In early 1959 we decided that we needed to begin a movement to desegregate downtown Nashville. We planned a series of work-shops on nonviolence to begin to start that process. Through those workshops in the fall came adults in the community and students from Tennessee State and American Baptist Theological Seminary and Fisk University. We met weekly for much of September, October, November. We tried to give people a fairly good view of nonviolence, and we mixed that with role-playing of various kinds. — Rev. James Lawson.
Lawson places Nonviolent Resistance in a religious and historical context ranging from biblical times to colonial India to Nazi occupation in Europe. As John Lewis later recalled, ""To learn that the tension between what was right and was wrong that had torn at me since I was old enough to think, [and to learn] that people of all cultures and all ages had struggled with the same issues — it was mind-blowing" 
I was really feeling stifled that fall. My goodness, I came to college to grow and expand, and here I am shut in. In Chicago, I had had access, at least, to public accommodations, lunch counters and what have you. So my response was, "Who's trying to change these things?" Paul LaPrad, a white Fisk student, told me about the nonviolent workshops that Jim Lawson was conducting. They were taking place a couple of blocks off campus. — Diane Nash.
On Saturday, February 13, less than two weeks after the Greensboro sit-in, more than 100 students commence the Nashville Student Movement the largest, best organized, most disciplined, and most persistent of the student sit-in groups in the South. They occupy the Kress, McClellan, and Woolworth's lunch counters. The managers close the counters rather than serve Blacks.
We had on that first day over five hundred students in front of Fisk University chapel, to be transported downtown to the First Baptist Church, to be organized into small groups to go down to sit in at the lunch counters. We went into the five-and-tens — Woolworth, Kresge's, McClellan's — because these stores were known all across the South and for the most part all across the country. We took our seats in a very orderly, peaceful fashion. The students were dressed like they were on the way to church or going to a big social affair. They had their books, and we stayed there at the lunch counter, studying and preparing our homework, because we were denied service. The managers ordered that the lunch counters be closed, that the restaurants be closed, and we'd just sit there, all day long. — John Lewis.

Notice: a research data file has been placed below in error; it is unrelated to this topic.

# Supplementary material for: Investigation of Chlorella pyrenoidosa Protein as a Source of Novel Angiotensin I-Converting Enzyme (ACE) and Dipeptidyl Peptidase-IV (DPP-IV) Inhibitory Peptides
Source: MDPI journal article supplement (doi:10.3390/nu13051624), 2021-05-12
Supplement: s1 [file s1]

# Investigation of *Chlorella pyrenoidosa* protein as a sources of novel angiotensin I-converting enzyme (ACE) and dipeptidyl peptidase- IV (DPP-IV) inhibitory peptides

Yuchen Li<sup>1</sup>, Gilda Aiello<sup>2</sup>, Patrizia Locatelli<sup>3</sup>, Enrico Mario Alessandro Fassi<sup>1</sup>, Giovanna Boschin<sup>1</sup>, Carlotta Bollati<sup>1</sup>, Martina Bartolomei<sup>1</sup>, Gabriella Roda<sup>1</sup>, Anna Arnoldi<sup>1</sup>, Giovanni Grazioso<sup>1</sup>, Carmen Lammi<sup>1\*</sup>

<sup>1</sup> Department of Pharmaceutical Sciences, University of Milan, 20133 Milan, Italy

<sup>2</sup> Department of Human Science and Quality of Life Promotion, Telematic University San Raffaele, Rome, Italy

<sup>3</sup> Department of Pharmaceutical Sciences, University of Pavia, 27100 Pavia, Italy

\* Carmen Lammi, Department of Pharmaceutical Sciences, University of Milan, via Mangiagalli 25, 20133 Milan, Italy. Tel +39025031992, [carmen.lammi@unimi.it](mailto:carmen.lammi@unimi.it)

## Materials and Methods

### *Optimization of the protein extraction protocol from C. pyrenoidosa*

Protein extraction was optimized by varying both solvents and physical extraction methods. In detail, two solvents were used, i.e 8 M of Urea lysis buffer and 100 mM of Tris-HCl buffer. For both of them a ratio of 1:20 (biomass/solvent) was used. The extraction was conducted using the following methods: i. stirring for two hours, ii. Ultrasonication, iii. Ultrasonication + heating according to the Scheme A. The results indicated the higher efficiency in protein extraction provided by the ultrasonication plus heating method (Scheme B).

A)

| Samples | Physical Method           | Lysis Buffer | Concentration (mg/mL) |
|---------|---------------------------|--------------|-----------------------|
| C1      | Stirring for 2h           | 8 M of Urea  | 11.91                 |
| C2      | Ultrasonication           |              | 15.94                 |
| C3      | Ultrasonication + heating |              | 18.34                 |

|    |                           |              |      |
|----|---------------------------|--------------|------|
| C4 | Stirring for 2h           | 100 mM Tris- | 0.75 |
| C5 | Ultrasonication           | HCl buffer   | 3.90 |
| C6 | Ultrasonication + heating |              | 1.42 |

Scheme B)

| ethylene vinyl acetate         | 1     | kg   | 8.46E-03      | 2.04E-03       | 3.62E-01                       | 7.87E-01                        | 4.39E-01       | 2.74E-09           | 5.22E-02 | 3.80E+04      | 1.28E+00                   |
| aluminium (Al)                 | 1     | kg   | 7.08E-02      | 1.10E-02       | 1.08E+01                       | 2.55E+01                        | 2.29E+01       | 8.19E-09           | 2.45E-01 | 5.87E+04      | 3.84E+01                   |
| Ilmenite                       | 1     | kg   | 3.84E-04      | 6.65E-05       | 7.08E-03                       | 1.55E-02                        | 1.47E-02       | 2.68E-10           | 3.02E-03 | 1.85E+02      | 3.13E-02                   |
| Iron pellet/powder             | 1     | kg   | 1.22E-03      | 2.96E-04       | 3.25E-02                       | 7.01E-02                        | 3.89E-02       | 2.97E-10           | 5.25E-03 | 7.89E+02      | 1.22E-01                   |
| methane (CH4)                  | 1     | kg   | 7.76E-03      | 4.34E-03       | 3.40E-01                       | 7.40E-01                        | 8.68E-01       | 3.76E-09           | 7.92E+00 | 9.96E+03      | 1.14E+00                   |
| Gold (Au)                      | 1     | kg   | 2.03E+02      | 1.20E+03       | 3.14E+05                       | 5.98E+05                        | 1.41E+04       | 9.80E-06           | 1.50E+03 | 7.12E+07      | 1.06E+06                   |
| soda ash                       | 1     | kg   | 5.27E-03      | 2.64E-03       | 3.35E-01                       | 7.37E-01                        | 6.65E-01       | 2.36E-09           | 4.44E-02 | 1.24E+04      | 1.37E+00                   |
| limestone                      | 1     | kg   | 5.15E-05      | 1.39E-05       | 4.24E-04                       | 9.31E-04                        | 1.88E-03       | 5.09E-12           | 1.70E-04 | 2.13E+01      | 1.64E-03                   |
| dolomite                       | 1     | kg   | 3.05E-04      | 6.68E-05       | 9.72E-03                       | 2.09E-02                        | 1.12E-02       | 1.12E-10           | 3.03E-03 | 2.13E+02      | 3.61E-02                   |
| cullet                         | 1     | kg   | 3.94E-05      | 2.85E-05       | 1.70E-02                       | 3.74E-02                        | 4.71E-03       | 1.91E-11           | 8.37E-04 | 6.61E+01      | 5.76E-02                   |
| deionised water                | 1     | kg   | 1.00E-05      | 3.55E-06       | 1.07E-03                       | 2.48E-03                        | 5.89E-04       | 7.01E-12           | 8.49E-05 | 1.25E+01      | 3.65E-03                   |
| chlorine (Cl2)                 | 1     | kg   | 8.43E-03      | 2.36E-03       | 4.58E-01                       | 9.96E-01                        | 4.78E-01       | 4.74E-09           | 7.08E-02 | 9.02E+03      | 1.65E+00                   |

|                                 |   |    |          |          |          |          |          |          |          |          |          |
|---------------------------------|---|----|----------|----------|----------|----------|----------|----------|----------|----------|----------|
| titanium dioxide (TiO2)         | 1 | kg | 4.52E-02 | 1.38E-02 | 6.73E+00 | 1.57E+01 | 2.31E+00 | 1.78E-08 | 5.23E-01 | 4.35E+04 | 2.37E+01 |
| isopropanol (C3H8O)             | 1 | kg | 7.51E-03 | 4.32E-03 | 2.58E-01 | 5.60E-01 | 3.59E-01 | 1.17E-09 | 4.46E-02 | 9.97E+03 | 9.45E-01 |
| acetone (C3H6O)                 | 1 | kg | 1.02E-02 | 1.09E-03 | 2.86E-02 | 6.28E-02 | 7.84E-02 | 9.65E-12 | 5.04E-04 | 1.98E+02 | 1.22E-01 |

Hundreds more join as the sit-ins continue lunch counters at Grants and Walgreens, Greyhound and Trailways, and locally-owned department stores are added. White racists heckle, harass, and attack the students who meet and defeat violence with the tactics of Nonviolent Resistance.
The sit-ins were really highly charged, emotionally. In our nonviolent workshops, we had decided to be respectful of the opposition, and try to keep issues geared towards desegregation, not get sidetracked. The first sit-in we had was really funny, because the waitresses were nervous. They must have dropped two thousand dollars' worth of dishes that day. It was almost a cartoon. One in particular, she was so nervous, she picked up dishes and she dropped one, and she'd pick up another one, and she'd drop it. It was really funny, and we were sitting there trying not to laugh, because we thought that laughing would be insulting and we didn't want to create that kind of atmosphere. At the same time we were scared to death. — Diane Nash.
Nashville's Black community stands solidly behind the students. Two days after the first sit-in, the Black ministers vote to support the students and the NCLC organizes an economically crippling boycott of downtown merchants.
Racist violence against the sit-ins escalates with harassment and beatings on February 27. The violent hecklers are not arrested, instead 81 nonviolent protesters are hauled off to jail.
On Saturday, February 27th, when we had about a hundred students prepared to go down — it was a very beautiful day in Nashville — we got a call from a local white minister who had been a real supporter of the movement. He said that if we go down on this particular day, he understood that the police would stand to the side and let a group of white hoodlums and thugs come in and beat people up, and then we would be arrested. We made a decision to go, and we all went to the same store. It was a Woolworth in the heart of the downtown area, and we occupied every seat at the lunch counter, every seat in the restaurant, and it did happen.
A group of young white men came in and they started pulling and beating primarily the young women. They put lighted cigarettes down their backs, in their hair, and they were really beating people. In a short time police officials came in and placed all of us under arrest, and not a single member of the white group, the people that were opposing our sit-in, was arrested. — John Lewis. 
The city tries to intimidate the students and break the boycott with mass arrests that fill the jails to overflowing. Jailing the students fails to break the movement, the united students and community hang tough. When the 81 students are convicted of "Disorderly Conduct" they refuse to pay the fine, choosing instead to serve their time in jail. Sit-in leader Diane Nash explains, "We feel that if we pay these fines we would be contributing to, and supporting, the injustice and immoral practices that have been performed in the arrest and conviction of the defendants."